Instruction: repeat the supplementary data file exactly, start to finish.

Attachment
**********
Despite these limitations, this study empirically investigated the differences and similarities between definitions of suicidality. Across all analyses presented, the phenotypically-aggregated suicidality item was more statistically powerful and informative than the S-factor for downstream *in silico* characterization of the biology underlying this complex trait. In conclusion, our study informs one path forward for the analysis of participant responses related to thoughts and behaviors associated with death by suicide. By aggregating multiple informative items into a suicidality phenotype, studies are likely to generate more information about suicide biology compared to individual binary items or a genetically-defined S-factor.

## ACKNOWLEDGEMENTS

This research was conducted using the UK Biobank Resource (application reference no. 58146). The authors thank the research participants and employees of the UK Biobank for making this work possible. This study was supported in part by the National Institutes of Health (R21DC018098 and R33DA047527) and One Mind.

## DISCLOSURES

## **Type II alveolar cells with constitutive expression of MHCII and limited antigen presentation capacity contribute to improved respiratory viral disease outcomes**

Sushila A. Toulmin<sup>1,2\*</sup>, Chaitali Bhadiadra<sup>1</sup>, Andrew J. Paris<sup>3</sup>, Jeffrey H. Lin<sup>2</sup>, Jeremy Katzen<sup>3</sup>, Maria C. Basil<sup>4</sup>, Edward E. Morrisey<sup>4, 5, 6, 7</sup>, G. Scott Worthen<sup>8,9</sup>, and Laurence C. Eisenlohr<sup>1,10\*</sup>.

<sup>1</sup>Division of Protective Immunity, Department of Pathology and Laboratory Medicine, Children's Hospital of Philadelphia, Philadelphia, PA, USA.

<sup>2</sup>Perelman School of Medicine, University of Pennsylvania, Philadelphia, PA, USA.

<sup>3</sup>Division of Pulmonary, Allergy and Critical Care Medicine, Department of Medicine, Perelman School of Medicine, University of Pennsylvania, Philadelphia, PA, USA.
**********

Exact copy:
Despite these limitations, this study empirically investigated the differences and similarities between definitions of suicidality. Across all analyses presented, the phenotypically-aggregated suicidality item was more statistically powerful and informative than the S-factor for downstream *in silico* characterization of the biology underlying this complex trait. In conclusion, our study informs one path forward for the analysis of participant responses related to thoughts and behaviors associated with death by suicide. By aggregating multiple informative items into a suicidality phenotype, studies are likely to generate more information about suicide biology compared to individual binary items or a genetically-defined S-factor.

## ACKNOWLEDGEMENTS

This research was conducted using the UK Biobank Resource (application reference no. 58146). The authors thank the research participants and employees of the UK Biobank for making this work possible. This study was supported in part by the National Institutes of Health (R21DC018098 and R33DA047527) and One Mind.

## DISCLOSURES

## **Type II alveolar cells with constitutive expression of MHCII and limited antigen presentation capacity contribute to improved respiratory viral disease outcomes**

Sushila A. Toulmin<sup>1,2\*</sup>, Chaitali Bhadiadra<sup>1</sup>, Andrew J. Paris<sup>3</sup>, Jeffrey H. Lin<sup>2</sup>, Jeremy Katzen<sup>3</sup>, Maria C. Basil<sup>4</sup>, Edward E. Morrisey<sup>4, 5, 6, 7</sup>, G. Scott Worthen<sup>8,9</sup>, and Laurence C. Eisenlohr<sup>1,10\*</sup>.

<sup>1</sup>Division of Protective Immunity, Department of Pathology and Laboratory Medicine, Children's Hospital of Philadelphia, Philadelphia, PA, USA.

<sup>2</sup>Perelman School of Medicine, University of Pennsylvania, Philadelphia, PA, USA.

<sup>3</sup>Division of Pulmonary, Allergy and Critical Care Medicine, Department of Medicine, Perelman School of Medicine, University of Pennsylvania, Philadelphia, PA, USA.